Featured Research

from universities, journals, and other organizations

Rethinking Hate Crime

Date:
September 14, 2009
Source:
University of Leicester
Summary:
The impact of hate crime is deep and widespread, says new research. Important new research by criminologists challenges existing stereotypes about the nature and impact of hate crime offending. While the term ‘hate crime’ conjures up images of violent acts committed by hate-fuelled extremists, the research suggests that many hate crimes are in fact lower-level forms of harassment committed by so-called ‘normal’ people who may not necessarily ‘hate’ their victim.

Important new research by criminologists at the University of Leicester challenges existing stereotypes about the nature and impact of hate crime offending. While the term ‘hate crime' conjures up images of violent acts committed by hate-fuelled extremists, the research suggests that many hate crimes are in fact lower-level forms of harassment committed by so-called ‘normal' people who may not necessarily ‘hate' their victim.

Related Articles


While the more violent examples of hate crime hit the media and receive widespread attention, the low level, everyday harassment goes unpublicised and, often, unreported, despite it having damaging and long-term consequences for victims, their families and broader communities.

Research by Dr Neil Chakraborti and Mr Jon Garland of the University of Leicester's Department of Criminology offers the most comprehensive examination to date of hate crime in a British rather than American context. The results, along with recommendations for future criminal justice policy are available in ‘Hate Crime: Impact, Causes and Responses'  published by Sage.

Dr Chakraborti says: "We would argue that hate crimes are acts of prejudice towards an individual's perceived identity. They are often believed to be ‘message crimes' designed to intimidate the victim's wider minority community. However, contrary to popular opinion, these crimes are not always carried out by right-wing political extremists. It is common for these crimes to be committed by ‘ordinary' members of the public whose prejudices may have been reinforced by the mainstreaming of far-right ideology, such as the ‘British jobs for British workers' slogan. It is also important to realise that it is not just minority ethnic or faith communities who are targeted - victims include gay and transgender communities as well as the disabled."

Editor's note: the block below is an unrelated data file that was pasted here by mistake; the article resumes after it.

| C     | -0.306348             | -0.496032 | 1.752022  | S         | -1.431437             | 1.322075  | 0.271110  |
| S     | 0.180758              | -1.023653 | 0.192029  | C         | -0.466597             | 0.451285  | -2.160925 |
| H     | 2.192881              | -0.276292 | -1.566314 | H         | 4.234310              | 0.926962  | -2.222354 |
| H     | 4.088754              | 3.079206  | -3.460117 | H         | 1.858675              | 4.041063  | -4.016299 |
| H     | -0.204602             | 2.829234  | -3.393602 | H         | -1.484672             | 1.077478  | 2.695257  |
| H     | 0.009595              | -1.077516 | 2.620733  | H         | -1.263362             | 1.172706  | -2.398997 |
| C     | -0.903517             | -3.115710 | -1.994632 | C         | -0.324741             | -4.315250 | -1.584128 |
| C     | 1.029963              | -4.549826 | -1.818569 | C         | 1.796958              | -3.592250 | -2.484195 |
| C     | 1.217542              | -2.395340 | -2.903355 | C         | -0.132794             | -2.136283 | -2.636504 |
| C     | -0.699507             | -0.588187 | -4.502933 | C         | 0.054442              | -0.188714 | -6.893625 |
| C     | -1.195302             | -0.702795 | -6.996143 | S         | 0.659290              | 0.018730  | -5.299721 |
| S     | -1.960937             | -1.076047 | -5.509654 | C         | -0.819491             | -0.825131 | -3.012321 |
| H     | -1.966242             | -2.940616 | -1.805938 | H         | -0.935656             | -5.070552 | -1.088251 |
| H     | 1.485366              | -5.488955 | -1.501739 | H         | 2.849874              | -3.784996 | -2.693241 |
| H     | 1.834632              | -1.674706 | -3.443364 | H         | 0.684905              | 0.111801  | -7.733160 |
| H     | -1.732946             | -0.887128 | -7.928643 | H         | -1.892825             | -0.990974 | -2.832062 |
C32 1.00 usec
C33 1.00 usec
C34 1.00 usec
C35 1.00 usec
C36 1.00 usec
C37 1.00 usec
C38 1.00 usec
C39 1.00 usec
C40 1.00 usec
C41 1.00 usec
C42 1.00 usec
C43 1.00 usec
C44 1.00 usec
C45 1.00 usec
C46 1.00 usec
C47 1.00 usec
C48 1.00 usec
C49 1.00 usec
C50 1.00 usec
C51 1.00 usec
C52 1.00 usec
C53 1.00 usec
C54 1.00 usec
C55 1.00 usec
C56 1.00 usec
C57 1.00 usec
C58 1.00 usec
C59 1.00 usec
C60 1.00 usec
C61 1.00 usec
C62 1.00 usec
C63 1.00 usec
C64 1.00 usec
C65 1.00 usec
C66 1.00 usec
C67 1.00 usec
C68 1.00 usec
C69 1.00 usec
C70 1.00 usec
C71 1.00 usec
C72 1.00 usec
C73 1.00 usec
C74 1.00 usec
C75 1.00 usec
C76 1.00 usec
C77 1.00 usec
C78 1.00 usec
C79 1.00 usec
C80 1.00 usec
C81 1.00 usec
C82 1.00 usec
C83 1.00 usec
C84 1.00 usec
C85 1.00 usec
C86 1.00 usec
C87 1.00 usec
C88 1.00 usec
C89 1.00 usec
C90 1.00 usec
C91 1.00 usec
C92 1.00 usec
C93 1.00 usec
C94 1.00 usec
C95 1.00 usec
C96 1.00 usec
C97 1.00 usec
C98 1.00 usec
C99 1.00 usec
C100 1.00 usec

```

Through case studies, Neil and Jon's work goes on to explore why it's wrong to associate hate crime solely with violent racism, whether these crimes are motivated exclusively by hate, what types of people are responsible for committing hate crime and the merits of increased sentence tariffs for perpetrators.

Jon Garland says: "What the research suggests is that we need a deeper understanding of what hate crimes actually are, their impact on the victim, who carried them out and, crucially, how they are dealt with by the criminal justice system. There is some evidence that the policing of hate crimes has improved, with the police now prioritising the investigation of such crimes. Relations between the police and minority communities are still problematic, though, and this is one of the main reasons that the majority of hate crimes are not reported to the police. This lack of reporting makes it difficult to accurately ascertain the exact level of these crimes. What we can say is that, from our research, it appears that current levels of hate crime are having devastating effects upon victims."